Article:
Capitol reporter Mary Wilson covers Pennsylvania politics and issues at the Pennsylvania state capitol.
State lawmakers are staring down a funding formula that some say is a recipe for a budgeting disaster.
It's the commonwealth's way of paying for federally-required special education services, and it's the subject of a special commission whose recommendations for legislative fixes are due this fall.
At the panel's first hearing Wednesday, lawmakers reminded testifiers they can't do anything about the fact that state spending on special education has been frozen for several years. But what education professionals hope for is some way to tie what they receive in funding to what they actually provide in services.
"The special ed formula has been driving money per kid to all the schools on a flat dollar basis and a flat student count," said Laura Cowburn, who handles the books for Columbia Borough School District in Lancaster County. "So it's a whole mindset that has to change - that we need to start paying for services where the services are delivered."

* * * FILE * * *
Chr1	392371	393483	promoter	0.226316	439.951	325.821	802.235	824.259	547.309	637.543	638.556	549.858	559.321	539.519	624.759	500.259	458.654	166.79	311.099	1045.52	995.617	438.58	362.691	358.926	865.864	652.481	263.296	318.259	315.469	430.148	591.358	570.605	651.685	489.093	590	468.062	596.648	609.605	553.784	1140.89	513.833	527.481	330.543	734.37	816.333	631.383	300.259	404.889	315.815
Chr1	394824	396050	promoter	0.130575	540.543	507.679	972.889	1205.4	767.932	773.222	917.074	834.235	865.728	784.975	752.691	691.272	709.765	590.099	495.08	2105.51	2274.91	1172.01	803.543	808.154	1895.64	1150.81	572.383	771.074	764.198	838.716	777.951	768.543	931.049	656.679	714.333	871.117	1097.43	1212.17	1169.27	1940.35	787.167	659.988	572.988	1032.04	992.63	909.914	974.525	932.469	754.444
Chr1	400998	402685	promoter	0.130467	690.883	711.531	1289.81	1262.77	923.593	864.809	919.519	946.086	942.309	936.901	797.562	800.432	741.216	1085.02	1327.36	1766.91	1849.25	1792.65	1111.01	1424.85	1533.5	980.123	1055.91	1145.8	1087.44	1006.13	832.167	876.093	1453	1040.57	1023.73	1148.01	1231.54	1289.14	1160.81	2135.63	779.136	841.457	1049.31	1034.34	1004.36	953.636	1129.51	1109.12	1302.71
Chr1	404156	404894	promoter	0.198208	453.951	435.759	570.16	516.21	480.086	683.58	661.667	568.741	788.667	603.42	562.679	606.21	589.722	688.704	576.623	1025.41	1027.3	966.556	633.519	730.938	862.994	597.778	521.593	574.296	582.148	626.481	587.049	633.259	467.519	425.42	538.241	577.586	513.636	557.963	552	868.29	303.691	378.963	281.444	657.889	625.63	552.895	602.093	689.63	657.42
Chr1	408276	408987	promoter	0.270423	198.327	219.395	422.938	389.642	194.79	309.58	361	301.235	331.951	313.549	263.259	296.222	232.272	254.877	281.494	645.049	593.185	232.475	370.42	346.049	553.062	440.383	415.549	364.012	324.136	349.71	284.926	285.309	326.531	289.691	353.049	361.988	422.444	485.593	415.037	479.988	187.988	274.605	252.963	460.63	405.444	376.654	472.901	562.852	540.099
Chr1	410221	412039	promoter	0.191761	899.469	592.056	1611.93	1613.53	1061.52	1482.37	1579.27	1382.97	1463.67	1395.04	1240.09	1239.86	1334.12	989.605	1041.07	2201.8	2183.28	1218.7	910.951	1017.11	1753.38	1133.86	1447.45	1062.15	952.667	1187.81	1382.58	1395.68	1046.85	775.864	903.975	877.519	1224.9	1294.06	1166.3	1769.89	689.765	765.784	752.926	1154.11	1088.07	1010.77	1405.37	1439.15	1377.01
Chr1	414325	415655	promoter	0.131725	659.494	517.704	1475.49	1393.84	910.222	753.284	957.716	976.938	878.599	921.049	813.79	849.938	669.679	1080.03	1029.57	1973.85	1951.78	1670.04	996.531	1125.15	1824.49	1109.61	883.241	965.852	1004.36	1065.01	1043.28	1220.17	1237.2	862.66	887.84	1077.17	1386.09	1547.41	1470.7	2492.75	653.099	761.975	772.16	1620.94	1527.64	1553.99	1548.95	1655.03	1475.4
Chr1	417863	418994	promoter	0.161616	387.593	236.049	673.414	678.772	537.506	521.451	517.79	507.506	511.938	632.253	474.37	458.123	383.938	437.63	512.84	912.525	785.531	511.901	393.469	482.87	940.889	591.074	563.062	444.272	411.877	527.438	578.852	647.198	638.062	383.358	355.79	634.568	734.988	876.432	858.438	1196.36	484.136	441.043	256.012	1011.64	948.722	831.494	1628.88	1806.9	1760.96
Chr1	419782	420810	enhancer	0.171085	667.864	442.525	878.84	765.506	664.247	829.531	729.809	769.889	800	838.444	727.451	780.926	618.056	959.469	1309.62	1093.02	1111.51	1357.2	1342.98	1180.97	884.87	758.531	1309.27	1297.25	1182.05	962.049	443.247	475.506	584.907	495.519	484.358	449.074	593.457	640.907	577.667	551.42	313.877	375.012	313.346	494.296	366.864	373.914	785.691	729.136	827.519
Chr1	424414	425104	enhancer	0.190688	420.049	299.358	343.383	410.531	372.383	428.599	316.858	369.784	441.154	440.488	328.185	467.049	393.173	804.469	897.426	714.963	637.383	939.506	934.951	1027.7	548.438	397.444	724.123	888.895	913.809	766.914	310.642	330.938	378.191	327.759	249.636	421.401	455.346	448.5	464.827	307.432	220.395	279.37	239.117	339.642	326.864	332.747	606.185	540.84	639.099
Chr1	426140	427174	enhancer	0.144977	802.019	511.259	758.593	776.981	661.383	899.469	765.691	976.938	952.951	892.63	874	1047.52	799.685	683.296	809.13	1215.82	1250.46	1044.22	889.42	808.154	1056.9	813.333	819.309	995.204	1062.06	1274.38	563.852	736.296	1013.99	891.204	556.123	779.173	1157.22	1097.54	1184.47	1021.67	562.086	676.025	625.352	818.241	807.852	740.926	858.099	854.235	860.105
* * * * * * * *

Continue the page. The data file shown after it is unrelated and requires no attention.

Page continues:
Cowburn said the special education population in her district has grown to exceed what the formula covers, but her district is limited in the tax revenue it can generate. And Columbia Borough - with its urban, low-income, transient population - is hardly unique, Cowburn told lawmakers.
"Every one of you have a Columbia story and they're all throughout the state and they're all getting into this financial abyss," she said.
Such districts get hit a second time when they make payments to charter schools that enroll special needs students. Those payments are based on the school district's budget - not on the costs of educating the child. Cowburn said a good first step would be creating a tiered system in which payment for special education students is based on the extent of individual needs.
Sen. Pat Browne (R-Lehigh) said the commission may recommend such a change.
"If the growth is due to an increase in students with a high level of need, that district will get a proportion, an amount more that they didn't get before," Browne said.
Published in State House Sound Bitesback to top
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